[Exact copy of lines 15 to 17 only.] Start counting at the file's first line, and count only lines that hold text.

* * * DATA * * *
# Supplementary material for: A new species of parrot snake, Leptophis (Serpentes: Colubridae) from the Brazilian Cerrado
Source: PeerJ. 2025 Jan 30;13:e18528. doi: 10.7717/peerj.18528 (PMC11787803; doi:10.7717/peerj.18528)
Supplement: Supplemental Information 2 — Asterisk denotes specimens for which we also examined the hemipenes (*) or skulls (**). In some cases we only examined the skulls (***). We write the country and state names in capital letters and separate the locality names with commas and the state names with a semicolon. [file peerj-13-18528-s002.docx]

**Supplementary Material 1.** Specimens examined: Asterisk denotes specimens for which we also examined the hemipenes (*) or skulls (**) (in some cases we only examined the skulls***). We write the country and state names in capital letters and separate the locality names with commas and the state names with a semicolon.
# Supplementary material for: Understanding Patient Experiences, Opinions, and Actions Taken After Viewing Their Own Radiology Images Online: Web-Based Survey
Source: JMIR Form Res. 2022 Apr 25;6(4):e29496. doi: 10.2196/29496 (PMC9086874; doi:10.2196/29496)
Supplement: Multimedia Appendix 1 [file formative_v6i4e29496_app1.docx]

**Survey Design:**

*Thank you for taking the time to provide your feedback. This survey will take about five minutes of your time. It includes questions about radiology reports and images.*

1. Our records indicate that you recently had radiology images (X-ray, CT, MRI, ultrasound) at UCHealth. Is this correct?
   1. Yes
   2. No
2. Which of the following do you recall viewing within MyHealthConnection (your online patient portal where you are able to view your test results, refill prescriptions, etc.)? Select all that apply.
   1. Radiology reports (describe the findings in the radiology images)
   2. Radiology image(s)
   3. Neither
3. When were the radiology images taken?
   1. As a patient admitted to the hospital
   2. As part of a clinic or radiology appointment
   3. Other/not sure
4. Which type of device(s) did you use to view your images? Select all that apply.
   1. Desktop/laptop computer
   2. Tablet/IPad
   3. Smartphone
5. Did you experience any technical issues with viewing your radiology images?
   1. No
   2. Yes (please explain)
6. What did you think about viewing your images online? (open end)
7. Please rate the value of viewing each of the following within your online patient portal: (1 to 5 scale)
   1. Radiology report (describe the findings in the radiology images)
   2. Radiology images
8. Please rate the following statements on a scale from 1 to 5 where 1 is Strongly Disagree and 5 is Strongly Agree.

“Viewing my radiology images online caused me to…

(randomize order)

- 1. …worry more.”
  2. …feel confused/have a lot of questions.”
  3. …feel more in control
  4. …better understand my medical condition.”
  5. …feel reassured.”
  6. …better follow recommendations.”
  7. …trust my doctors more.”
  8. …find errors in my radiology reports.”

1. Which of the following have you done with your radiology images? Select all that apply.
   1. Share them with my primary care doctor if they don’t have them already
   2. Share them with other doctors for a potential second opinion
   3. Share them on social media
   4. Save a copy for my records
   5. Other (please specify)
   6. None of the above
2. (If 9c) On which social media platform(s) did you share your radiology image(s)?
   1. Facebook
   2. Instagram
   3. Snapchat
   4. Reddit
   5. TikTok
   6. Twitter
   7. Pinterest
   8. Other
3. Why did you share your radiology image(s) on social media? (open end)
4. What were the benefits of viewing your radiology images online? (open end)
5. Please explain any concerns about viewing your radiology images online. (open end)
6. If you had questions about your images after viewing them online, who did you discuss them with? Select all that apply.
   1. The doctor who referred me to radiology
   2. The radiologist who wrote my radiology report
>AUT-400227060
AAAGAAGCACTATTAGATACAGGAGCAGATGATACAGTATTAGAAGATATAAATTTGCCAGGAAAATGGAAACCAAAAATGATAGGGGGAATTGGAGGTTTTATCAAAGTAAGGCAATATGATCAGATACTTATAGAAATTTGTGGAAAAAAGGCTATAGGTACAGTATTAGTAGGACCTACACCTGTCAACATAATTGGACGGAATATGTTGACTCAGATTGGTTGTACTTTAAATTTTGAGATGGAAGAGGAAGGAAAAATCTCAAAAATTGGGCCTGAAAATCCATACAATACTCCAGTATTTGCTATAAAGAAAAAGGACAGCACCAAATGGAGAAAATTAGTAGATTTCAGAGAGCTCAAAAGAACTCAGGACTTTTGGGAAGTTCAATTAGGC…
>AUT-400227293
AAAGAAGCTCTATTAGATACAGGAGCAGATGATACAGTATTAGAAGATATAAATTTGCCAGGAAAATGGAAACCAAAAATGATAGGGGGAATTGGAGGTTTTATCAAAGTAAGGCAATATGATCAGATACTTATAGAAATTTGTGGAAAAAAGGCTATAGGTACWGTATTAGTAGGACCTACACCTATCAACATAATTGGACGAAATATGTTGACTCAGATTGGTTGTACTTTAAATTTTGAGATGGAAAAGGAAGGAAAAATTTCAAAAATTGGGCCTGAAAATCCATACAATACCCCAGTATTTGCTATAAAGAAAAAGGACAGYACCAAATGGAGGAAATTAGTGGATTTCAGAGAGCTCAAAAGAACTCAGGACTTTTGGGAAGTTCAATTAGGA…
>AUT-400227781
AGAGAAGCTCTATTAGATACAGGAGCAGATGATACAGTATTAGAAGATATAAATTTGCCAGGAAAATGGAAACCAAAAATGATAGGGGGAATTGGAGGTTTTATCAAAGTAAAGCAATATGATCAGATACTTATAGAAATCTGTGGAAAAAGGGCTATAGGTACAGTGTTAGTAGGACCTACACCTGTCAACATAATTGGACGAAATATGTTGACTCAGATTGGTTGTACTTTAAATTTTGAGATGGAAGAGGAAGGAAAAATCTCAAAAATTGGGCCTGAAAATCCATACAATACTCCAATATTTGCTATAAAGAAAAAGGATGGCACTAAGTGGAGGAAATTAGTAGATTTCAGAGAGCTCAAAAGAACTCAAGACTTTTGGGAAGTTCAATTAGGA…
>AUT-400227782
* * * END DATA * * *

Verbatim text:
   2. Radiology image(s)
   3. Neither
3. When were the radiology images taken?